The Rise of the African Cloud

Africa is emerging as a lively battlefield for global cloud providers. This week, Microsoft’s Azure Africa cloud services went live, with services offered from data centers in Johannesburg and Cape Town. The launch of Azure came just one day after Huawei announced that its African cloud region was now operational, also from South Africa. Last year, Amazon Web Services (AWS) announced that its first Africa cloud “availability zone” will become operational in the first half of 2020.

Africa has been something of a last frontier for hyperscale cloud providers. While public cloud services have long been available, Africa-based users had to connect to servers in Ireland, the United Kingdom or France to access them, with all the attendant issues around latency or data sovereignty. Relative to global levels, the African public cloud market is still small. According to “The Rise of the African Cloud”, a new report by Xalam Analytics, less than 1% of estimated global public cloud services revenue was generated in Africa as of 2018. For indicative purposes, revenues from public cloud services are still lower than mobile operators generate on SMS.

Africa is a tricky place for cloud services. Many countries don’t have broadband speeds adequate, and affordable enough to support reliable cloud service usage. Where cloud services are built upon a reliance on third party providers, provider distrust is deeply ingrained in many African enterprises, having been nurtured by decades of failing underlying infrastructure and promises not kept. Where the public cloud thrives on an open, decentralized Internet, many African governments profess a preference for a more centralized, monitored model – and some are prone to shutting down the Internet altogether.

So what is all the jostling about?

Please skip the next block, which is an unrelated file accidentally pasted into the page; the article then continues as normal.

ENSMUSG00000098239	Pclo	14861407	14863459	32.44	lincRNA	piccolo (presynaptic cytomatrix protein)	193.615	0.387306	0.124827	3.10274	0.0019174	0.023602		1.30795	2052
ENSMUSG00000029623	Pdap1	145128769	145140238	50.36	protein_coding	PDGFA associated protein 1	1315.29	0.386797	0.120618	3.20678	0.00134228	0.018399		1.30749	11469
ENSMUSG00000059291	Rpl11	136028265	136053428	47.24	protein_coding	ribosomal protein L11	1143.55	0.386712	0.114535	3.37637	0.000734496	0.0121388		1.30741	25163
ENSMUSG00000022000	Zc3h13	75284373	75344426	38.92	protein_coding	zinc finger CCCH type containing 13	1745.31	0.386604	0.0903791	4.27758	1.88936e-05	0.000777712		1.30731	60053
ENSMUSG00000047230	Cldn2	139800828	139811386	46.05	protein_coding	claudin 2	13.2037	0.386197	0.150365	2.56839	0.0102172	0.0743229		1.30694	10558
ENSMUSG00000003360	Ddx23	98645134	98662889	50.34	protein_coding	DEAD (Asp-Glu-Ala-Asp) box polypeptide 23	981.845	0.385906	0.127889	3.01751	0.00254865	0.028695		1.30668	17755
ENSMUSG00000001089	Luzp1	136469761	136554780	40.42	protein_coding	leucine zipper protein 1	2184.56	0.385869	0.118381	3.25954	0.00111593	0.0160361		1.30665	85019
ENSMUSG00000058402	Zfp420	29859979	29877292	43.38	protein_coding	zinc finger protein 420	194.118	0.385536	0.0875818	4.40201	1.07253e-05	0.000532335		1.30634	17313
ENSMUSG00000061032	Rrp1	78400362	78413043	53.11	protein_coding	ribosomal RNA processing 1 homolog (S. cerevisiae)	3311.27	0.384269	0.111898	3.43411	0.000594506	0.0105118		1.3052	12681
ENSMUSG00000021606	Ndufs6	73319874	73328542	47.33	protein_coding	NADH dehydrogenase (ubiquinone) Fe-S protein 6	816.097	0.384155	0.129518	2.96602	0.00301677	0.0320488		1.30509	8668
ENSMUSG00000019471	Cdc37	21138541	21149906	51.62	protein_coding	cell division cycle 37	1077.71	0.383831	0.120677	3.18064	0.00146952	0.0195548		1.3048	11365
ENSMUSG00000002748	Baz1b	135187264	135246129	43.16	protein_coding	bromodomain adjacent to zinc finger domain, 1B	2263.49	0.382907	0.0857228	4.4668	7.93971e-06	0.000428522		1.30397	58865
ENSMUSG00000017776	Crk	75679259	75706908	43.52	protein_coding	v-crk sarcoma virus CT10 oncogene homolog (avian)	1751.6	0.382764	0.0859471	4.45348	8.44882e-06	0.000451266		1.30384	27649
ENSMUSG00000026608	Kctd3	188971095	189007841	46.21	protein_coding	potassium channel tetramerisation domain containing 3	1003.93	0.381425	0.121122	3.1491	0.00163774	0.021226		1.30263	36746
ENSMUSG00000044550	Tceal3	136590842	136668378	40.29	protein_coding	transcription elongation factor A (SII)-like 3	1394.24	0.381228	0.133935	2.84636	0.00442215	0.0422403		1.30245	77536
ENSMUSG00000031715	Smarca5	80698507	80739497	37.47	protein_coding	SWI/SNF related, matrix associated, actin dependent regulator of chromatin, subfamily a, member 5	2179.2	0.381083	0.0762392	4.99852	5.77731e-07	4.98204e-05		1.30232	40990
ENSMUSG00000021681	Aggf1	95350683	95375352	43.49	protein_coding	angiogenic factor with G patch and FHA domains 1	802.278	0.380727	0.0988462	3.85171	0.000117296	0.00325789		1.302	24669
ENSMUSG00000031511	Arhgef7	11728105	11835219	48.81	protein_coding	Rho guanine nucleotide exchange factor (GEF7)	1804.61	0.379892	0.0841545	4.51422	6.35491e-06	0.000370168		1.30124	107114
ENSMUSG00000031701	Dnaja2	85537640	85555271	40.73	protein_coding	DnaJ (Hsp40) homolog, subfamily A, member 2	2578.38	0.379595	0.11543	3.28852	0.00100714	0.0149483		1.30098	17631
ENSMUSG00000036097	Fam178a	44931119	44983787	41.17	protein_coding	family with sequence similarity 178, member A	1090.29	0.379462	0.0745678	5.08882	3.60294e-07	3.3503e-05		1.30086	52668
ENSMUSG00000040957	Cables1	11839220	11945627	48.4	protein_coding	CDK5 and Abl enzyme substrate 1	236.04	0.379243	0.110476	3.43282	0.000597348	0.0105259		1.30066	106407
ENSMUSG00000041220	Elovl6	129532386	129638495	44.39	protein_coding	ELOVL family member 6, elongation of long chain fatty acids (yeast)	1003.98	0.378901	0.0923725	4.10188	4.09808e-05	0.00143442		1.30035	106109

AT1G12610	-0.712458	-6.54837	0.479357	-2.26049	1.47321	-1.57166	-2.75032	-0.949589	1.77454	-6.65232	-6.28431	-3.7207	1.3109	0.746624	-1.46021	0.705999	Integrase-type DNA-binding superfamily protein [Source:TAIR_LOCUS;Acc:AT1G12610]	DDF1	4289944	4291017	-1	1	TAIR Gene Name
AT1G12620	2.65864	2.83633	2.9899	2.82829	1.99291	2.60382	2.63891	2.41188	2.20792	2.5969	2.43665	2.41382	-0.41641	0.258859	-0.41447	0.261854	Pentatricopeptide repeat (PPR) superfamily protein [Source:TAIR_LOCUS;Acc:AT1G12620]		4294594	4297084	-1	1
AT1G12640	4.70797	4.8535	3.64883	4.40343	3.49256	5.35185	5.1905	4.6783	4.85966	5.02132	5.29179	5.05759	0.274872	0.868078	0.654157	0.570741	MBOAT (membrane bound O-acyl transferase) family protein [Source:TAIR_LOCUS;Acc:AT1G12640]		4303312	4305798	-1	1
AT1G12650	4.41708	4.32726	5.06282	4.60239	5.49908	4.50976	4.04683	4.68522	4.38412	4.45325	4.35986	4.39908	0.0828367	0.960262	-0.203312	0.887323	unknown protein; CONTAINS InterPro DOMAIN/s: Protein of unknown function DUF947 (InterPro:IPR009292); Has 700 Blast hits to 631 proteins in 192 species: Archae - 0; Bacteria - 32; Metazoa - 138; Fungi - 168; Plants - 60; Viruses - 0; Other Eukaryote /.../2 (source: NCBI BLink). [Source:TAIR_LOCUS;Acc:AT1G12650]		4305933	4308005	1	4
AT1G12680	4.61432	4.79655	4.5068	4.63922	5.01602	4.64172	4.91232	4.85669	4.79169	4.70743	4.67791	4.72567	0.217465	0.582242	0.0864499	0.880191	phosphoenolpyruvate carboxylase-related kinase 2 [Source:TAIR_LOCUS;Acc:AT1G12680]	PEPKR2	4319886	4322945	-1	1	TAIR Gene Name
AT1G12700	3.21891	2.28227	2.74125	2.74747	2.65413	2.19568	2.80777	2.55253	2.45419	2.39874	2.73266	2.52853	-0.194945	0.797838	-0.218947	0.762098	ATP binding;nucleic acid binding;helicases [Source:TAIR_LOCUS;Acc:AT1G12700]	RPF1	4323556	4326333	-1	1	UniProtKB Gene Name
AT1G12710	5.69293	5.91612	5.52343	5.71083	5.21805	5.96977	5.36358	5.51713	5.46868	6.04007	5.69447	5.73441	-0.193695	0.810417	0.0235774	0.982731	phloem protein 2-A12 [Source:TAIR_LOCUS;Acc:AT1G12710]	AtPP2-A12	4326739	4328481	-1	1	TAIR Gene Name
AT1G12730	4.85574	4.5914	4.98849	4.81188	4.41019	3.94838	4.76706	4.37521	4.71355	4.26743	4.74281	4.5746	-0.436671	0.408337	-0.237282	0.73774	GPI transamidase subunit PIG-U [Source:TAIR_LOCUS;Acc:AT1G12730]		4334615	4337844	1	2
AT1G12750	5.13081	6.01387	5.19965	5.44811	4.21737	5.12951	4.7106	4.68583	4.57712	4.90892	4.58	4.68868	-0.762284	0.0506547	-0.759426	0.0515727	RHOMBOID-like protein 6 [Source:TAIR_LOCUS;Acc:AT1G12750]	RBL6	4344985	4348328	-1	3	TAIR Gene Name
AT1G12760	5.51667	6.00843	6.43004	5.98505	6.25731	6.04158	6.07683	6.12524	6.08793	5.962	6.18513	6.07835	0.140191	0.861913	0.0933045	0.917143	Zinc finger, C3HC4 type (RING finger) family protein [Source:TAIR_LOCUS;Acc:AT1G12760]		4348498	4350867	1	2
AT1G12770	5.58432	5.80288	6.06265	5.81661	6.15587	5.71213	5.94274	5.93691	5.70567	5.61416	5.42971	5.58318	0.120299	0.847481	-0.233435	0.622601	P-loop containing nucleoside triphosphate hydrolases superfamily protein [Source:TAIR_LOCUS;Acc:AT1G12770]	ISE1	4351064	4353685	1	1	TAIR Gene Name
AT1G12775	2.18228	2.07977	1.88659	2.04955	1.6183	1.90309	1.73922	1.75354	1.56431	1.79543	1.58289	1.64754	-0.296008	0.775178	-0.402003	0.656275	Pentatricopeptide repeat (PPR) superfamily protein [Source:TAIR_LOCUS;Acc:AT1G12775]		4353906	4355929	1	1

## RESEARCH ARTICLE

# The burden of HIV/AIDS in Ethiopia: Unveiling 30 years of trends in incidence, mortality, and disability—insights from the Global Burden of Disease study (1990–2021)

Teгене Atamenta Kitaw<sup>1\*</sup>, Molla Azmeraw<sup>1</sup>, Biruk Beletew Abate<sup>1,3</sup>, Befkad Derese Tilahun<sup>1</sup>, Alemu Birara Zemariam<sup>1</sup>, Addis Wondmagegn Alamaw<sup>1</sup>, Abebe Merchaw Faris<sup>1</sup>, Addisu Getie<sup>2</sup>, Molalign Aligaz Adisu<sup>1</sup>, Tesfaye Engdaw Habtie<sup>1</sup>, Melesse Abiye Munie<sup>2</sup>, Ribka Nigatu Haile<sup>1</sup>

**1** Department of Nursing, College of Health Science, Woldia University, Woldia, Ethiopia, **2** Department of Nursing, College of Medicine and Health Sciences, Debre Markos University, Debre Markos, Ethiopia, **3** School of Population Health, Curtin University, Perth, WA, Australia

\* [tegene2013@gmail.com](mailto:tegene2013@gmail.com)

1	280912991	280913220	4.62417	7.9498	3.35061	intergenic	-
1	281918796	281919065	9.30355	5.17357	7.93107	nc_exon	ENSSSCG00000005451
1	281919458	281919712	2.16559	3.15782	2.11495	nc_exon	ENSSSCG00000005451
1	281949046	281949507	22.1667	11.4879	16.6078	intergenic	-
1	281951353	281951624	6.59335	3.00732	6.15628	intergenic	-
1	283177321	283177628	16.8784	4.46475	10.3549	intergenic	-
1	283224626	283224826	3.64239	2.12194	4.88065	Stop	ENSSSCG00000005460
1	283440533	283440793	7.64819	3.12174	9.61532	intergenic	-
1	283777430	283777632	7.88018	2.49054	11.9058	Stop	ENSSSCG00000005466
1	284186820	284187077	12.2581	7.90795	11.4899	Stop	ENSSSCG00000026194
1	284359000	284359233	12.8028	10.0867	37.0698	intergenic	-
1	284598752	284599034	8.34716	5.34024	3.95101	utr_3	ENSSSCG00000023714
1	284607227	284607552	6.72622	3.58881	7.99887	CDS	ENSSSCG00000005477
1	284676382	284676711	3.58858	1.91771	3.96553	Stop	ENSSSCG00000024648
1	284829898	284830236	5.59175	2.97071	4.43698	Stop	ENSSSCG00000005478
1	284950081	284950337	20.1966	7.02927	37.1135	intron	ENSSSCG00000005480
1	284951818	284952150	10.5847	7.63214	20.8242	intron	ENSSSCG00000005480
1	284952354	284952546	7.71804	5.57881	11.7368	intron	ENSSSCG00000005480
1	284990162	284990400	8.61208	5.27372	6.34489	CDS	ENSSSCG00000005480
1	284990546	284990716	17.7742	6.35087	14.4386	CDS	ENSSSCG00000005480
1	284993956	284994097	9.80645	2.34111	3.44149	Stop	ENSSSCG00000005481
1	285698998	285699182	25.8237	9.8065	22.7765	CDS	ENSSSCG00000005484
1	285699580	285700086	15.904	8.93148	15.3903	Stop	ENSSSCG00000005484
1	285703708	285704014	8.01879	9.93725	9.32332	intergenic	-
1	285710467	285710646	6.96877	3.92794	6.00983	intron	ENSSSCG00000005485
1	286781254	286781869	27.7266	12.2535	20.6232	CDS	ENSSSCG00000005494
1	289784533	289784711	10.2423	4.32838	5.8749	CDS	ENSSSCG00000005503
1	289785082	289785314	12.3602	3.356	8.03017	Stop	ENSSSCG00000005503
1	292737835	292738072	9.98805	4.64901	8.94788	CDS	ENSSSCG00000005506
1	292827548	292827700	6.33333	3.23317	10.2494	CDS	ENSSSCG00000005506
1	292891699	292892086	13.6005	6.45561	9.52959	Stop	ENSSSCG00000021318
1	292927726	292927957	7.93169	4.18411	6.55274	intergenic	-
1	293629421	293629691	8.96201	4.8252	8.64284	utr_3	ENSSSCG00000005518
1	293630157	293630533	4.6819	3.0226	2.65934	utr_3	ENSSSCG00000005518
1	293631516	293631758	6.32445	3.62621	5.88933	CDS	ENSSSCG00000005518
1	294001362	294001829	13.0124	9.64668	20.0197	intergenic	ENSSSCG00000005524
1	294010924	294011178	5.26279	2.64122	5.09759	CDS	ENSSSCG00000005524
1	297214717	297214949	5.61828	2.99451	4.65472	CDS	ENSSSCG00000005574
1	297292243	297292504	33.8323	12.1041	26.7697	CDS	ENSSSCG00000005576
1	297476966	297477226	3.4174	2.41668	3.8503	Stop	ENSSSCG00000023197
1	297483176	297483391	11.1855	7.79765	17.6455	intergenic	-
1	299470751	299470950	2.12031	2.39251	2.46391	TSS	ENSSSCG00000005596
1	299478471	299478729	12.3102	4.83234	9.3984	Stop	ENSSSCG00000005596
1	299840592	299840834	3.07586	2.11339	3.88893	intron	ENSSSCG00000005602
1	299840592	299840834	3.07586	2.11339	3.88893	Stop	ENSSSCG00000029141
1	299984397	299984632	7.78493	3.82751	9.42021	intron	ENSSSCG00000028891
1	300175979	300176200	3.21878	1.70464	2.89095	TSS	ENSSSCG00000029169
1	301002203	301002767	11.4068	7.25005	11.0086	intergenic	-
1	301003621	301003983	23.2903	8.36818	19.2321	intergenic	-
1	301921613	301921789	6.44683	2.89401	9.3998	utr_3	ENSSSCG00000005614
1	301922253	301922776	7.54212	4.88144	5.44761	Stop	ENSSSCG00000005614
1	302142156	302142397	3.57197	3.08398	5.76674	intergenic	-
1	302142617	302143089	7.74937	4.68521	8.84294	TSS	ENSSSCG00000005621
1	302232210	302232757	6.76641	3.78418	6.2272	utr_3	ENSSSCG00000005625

As is typically the case in Africa, shortcomings as above also point to considerable opportunity. Look beyond the obstacles, and the picture emerges of a unique occasion to build the foundations for Africa’s ability to enter the fourth industrial revolution. While the cloud services sector is in its early stages of development, the impact of cloud services is already far-reaching. African banks are making investments in machine learning and artificial intelligence tools to improve the customer experience and credit risk; new “digital banks” are emerging, that are, at least in part, cloud-based.

They are using the African Cloud

Cloud Report - User Pic

In Kenya, government-managed Huduma centers are using VMWare’s virtualized infrastructure to enhance public service delivery. Large retail firms are using compute capabilities and AWS databases to transform how they reach a predominantly mobile and digital customer base. And scores of African cloud-native startups are leveraging the cloud to disrupt entire industry sectors.

The African cloud may be small, but it is already here, and it is growing fast. For African markets, cloud, virtualization and the broader evolution towards serverless computing are the most disruptive technology developments since the advent of the mobile payment revolution.

The upside is considerable. By Xalam Analytics’ estimates, the African cloud market has been growing at a rate of ~30% a year over the past three years – more than 25 percentage points higher than African average GDP growth and well ahead of low single digit enterprise ICT market growth. Likewise, Xalam Analytics projects top line revenue from cloud services to double over the 2018-23 period, to nearly $4bn. In particular, revenue from African public cloud services are projected to triple over that same period. Few other segments in the African ICT space are as likely to generate an incremental $2bn in top line revenue over the next five years, and at least as much in adjacent enabling ecosystem revenue.

And in true African fashion, market dynamics are not uniform. At the same time AWS and Huawei were announcing cloud services to be offered from South Africa, French cloud services provider OVH was closing its Dakar-based West Africa office, citing low service take-up.

But the broader upside is unmistakable, and the battle for the African cloud is only beginning.

See The Rise of the African Cloud – A Xalam Investor Report, March 2019

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